Once you decide to start an estate planning practice or expand your existing practice into estate planning, you need to make the time and effort to learn the basics, including vocabulary, strategies, and documents. Without a basic understanding of these estate planning principles, you’ll struggle to present your value to potential clients and implement estate plans for the clients you do win.
The language of estate planning alone can be confusing. Words like “testator,” “administrator,” and “executor” might seem like a foreign language now, but they’ll soon be part of your everyday conversations. That’s not to mention the many planning concepts and strategies you’ll soon recommend to your clients. Let’s take a closer look at the fundamental concepts and terminology of estate planning.
What is estate planning?
Every attorney already understands what estate planning is, but it’s important to remember that many potential clients actually don’t. Part of your job is to help clients and potential clients look at the big picture and understand why estate planning is important regardless of age or income.
Be prepared to explain that estate planning is the process by which a person can:
- Provide for themselves and their loved ones
- Leave what they want to whom they want
- Minimize taxes and avoid unnecessary fees and court costs
- Care for themselves and their loved ones
- Support the causes they care about
Estate planning is a process, rather than an event. Your clients’ plans will combine legal strategies that help them achieve their goals, address their concerns, and provide peace of mind. These plans will evolve over time and might include both lifetime and at-death components.
Building a successful practice takes time, resources, and effort.
Download our Insight Brief “5 Essentials for New Estate Planning Attorneys” for a list of essentials to start a successful estate planning practice.
Estate planning terminology
The basic terminology of estate planning will underpin everything you do as an estate planning attorney. Knowledge of this terminology and how to apply it correctly is critical to communicating with clients, drafting documents, and ultimately, the success of your practice. Let’s start by defining a few foundational will-based estate planning terms:
- Testate. The condition of having died with a valid Last Will and Testament that covers at least part of the estate.
- Intestate. The condition of having died without a valid Last Will and Testament.
- Testator. Someone who makes a Last Will and Testament.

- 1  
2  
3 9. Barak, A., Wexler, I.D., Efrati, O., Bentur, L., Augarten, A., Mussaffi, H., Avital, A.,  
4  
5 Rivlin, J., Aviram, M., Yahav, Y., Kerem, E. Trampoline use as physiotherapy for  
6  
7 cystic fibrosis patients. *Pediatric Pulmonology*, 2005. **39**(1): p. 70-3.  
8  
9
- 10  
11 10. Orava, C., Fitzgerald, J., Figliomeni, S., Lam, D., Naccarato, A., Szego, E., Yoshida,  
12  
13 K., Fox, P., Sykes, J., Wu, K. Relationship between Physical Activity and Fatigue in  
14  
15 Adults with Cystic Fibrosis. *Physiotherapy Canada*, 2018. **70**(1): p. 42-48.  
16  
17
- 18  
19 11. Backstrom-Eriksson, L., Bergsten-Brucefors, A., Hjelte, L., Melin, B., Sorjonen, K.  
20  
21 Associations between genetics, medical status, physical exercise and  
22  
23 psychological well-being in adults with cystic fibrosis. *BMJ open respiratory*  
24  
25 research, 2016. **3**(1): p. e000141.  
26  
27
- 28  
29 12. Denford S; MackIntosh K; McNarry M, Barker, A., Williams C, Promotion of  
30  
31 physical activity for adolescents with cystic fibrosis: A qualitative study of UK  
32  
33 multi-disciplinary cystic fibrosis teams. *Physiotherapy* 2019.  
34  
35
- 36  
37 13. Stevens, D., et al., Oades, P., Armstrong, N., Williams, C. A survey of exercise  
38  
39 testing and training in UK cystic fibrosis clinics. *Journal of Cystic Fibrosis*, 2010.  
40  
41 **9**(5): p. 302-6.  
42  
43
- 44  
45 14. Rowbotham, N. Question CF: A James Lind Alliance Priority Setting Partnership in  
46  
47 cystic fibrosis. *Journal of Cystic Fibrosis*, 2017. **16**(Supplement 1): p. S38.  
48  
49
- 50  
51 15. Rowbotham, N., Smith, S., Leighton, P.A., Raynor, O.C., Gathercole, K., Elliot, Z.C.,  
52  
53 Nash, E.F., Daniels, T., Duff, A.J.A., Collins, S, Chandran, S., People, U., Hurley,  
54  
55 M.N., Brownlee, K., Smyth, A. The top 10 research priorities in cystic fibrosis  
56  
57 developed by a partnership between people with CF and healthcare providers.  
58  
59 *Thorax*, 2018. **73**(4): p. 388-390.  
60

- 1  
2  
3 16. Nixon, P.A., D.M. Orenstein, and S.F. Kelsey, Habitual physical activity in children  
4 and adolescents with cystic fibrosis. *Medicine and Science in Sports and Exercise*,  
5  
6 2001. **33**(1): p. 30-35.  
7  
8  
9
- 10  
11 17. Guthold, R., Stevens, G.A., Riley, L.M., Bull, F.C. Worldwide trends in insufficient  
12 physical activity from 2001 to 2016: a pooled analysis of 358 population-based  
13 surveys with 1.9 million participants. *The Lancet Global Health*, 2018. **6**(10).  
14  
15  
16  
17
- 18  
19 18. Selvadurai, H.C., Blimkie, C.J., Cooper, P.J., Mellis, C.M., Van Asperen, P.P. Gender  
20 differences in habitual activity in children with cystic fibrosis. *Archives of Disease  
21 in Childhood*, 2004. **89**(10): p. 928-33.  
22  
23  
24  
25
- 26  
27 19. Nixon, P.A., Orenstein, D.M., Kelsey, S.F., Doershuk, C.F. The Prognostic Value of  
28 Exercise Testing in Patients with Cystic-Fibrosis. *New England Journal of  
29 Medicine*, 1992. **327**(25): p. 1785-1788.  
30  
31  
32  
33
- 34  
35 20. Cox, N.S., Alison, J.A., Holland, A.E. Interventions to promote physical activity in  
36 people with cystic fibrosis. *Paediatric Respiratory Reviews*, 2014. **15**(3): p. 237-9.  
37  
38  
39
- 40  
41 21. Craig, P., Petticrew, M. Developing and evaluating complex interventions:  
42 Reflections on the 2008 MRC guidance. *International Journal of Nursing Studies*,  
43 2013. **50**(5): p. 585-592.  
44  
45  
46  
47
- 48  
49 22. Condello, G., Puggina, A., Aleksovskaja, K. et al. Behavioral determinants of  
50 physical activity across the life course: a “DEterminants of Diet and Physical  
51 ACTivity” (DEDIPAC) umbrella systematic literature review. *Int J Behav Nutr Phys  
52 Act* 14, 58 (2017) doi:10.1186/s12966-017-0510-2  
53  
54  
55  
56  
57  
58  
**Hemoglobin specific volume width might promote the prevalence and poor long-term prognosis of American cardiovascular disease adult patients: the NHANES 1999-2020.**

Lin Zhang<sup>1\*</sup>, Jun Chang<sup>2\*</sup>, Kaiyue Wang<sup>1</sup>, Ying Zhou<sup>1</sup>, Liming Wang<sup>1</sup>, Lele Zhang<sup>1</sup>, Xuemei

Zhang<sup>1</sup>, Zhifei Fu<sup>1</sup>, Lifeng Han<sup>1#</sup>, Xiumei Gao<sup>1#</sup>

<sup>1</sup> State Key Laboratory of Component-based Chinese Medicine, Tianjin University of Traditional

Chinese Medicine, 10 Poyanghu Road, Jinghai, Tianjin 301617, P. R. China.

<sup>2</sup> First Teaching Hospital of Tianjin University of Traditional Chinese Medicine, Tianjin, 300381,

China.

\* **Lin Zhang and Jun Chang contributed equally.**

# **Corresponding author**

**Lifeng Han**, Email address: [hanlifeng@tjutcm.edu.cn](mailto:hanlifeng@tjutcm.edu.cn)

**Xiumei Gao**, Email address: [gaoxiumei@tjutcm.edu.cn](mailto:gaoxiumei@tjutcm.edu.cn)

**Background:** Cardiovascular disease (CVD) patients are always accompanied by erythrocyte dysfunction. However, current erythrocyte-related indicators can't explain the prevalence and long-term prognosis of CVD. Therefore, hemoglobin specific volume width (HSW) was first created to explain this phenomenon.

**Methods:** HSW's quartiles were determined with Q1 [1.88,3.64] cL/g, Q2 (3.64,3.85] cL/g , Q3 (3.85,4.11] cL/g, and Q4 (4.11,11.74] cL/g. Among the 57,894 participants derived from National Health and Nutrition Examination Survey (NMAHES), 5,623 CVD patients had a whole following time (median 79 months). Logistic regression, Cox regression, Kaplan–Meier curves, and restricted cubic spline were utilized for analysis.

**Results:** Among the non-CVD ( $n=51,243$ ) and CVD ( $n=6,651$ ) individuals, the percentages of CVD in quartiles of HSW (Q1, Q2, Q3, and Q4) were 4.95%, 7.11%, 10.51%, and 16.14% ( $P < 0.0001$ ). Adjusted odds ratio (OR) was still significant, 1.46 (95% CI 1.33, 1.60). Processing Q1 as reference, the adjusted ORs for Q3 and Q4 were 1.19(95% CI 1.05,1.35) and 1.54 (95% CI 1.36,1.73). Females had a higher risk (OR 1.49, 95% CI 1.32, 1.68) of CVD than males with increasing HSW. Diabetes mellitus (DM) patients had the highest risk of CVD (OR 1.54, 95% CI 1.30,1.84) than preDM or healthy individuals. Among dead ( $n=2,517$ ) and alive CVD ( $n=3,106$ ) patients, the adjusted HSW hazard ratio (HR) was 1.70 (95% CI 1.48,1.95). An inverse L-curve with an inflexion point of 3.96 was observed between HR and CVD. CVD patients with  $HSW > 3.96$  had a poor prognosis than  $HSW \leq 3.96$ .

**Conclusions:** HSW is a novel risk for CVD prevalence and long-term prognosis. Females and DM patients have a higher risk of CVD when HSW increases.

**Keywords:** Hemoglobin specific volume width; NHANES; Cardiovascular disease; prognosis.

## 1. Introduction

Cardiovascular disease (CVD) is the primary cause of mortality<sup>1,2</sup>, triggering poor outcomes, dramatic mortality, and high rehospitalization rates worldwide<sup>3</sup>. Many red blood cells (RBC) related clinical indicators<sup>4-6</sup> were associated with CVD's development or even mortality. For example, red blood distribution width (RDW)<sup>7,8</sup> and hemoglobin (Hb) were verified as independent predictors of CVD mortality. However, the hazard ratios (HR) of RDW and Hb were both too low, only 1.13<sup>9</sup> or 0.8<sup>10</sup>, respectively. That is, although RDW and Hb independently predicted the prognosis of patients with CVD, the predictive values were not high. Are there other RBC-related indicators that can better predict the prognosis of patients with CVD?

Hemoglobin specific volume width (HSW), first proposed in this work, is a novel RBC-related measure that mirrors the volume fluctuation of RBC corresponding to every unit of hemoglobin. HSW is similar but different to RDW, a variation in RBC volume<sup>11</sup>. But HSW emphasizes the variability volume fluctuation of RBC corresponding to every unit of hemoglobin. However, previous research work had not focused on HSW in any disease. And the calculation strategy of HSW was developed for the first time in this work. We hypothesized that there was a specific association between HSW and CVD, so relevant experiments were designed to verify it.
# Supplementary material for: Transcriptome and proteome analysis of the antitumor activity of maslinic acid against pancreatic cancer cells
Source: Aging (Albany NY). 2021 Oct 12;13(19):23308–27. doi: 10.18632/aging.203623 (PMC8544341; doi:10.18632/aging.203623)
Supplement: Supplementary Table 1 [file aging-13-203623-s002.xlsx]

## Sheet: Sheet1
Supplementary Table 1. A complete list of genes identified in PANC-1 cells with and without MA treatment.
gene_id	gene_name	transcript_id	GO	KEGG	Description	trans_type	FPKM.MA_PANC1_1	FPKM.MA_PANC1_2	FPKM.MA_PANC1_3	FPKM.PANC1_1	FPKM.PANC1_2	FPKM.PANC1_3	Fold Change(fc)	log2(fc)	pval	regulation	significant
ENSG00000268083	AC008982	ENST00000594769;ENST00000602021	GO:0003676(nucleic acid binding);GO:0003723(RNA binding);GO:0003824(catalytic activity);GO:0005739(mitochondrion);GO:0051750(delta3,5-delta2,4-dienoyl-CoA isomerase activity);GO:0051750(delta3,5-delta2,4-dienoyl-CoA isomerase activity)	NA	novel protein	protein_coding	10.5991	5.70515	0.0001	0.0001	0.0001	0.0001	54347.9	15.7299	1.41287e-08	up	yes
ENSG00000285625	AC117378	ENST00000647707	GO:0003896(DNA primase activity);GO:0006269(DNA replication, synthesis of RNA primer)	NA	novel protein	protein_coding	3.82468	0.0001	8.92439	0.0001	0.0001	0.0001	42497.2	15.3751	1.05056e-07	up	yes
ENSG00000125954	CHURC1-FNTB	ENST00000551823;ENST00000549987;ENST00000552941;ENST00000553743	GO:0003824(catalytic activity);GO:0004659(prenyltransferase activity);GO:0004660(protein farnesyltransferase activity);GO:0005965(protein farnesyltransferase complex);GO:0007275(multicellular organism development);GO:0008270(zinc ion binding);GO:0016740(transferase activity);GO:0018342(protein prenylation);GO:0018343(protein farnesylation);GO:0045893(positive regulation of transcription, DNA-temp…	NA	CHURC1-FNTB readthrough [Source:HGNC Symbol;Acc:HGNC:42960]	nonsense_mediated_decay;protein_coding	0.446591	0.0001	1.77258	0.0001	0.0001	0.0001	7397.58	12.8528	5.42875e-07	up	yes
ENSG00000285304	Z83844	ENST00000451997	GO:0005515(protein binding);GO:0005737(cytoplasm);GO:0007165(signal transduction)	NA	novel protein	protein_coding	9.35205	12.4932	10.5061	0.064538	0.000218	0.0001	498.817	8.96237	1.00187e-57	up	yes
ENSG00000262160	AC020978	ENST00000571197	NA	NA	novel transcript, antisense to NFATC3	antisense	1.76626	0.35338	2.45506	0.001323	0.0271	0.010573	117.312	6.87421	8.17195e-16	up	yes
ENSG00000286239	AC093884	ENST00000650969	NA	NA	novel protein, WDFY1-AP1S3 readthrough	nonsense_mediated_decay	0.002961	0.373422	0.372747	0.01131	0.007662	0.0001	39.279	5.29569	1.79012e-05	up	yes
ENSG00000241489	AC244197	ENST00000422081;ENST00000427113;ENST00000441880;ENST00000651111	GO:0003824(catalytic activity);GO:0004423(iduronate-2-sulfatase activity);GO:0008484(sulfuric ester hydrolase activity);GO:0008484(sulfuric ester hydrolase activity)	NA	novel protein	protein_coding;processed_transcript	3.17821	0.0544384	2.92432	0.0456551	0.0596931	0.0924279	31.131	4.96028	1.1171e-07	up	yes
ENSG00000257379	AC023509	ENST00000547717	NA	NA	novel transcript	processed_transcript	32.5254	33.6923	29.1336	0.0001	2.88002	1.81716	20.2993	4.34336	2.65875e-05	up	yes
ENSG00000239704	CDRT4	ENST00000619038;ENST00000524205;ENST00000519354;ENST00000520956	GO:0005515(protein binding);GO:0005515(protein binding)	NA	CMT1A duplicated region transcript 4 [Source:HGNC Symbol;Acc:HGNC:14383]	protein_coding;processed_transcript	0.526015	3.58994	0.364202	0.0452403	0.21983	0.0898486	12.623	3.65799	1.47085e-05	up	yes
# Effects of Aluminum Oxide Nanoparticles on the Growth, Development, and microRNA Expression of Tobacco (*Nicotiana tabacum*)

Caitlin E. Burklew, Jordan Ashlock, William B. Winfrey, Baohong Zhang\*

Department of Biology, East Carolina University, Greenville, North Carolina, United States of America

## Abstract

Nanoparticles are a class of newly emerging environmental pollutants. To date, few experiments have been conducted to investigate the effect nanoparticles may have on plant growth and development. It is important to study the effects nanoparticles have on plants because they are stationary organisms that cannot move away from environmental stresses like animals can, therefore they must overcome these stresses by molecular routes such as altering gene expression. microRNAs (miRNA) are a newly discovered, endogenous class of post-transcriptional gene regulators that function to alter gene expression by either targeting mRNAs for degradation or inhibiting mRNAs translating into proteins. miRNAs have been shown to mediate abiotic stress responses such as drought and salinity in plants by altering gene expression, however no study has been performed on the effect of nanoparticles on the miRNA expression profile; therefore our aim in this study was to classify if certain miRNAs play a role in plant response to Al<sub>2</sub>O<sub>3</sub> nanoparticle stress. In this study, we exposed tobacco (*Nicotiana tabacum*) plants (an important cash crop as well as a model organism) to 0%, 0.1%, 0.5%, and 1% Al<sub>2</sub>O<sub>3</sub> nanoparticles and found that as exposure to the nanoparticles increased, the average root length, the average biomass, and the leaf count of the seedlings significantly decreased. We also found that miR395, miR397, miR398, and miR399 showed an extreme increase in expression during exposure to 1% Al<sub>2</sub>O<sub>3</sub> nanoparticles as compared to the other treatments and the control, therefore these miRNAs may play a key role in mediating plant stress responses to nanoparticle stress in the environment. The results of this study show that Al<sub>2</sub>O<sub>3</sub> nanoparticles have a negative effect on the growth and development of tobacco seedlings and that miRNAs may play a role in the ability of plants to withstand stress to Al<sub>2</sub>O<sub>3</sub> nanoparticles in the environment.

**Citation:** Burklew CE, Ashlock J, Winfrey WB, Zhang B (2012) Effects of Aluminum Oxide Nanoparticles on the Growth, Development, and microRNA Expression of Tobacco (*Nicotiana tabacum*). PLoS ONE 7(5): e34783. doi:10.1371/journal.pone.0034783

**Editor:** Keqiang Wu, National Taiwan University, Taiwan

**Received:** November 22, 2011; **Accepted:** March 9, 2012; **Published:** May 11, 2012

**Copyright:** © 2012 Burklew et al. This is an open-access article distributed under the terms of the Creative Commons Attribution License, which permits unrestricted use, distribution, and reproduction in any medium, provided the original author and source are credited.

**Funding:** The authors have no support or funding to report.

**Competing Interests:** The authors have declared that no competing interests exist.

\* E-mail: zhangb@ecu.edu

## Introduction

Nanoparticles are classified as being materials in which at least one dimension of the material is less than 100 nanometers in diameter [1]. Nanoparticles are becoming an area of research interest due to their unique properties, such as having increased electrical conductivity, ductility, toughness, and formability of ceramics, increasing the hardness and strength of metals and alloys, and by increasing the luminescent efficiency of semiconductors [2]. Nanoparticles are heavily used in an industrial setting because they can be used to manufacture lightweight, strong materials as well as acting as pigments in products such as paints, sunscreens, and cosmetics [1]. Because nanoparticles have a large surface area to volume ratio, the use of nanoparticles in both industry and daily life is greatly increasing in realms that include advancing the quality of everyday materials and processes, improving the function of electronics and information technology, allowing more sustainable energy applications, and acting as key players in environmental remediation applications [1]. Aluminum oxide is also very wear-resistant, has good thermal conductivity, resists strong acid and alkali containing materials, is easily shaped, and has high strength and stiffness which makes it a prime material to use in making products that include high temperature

- Heir. A person who receives assets.
- Fiduciary. Someone who acts on behalf of another person and is legally obligated to act in the best interests of that person. Types of fiduciaries include:
- Administrator. Person appointed by the court to administer an intestate estate.
- Executor. Person named in a will and appointed by the court to administer a testate estate.
- Personal Representative. Gender-neutral term used in some states to refer to executors and administrators.
In many cases, you’ll recommend your clients adopt a revocable living trust-based estate plan with a pour-over will to take care of any assets not in their trust and to name a guardian for any minor children. A trust is fiduciary arrangement that allows a third party, or trustee, to hold assets on behalf of a beneficiary. As you can probably tell from that definition, trusts carry additional terms that you’ll need to know in order best serve your clients. These terms include:
- Trustor/Grantor. Person who establishes a trust.
- Beneficiary. One or more individuals, trusts, or entities that receive assets from a trust.
- Trustee. Person named in a trust or appointed by a court to administer trust assets.
There’s a lot to consider when starting or expanding your legal practice, but overlooking the details of estate planning could lead to poor plan execution and even lost clients.
A WealthCounsel membership provides you with the resources you need to get up to speed on estate planning basics. WealthCounsel’s Continuing Legal Education program offers specific tracks for new and transitioning attorneys to help you get up and running faster. Plus, our software helps you master document drafting with guided navigation. Contact us to learn more about all the benefits of WealthCounsel membership.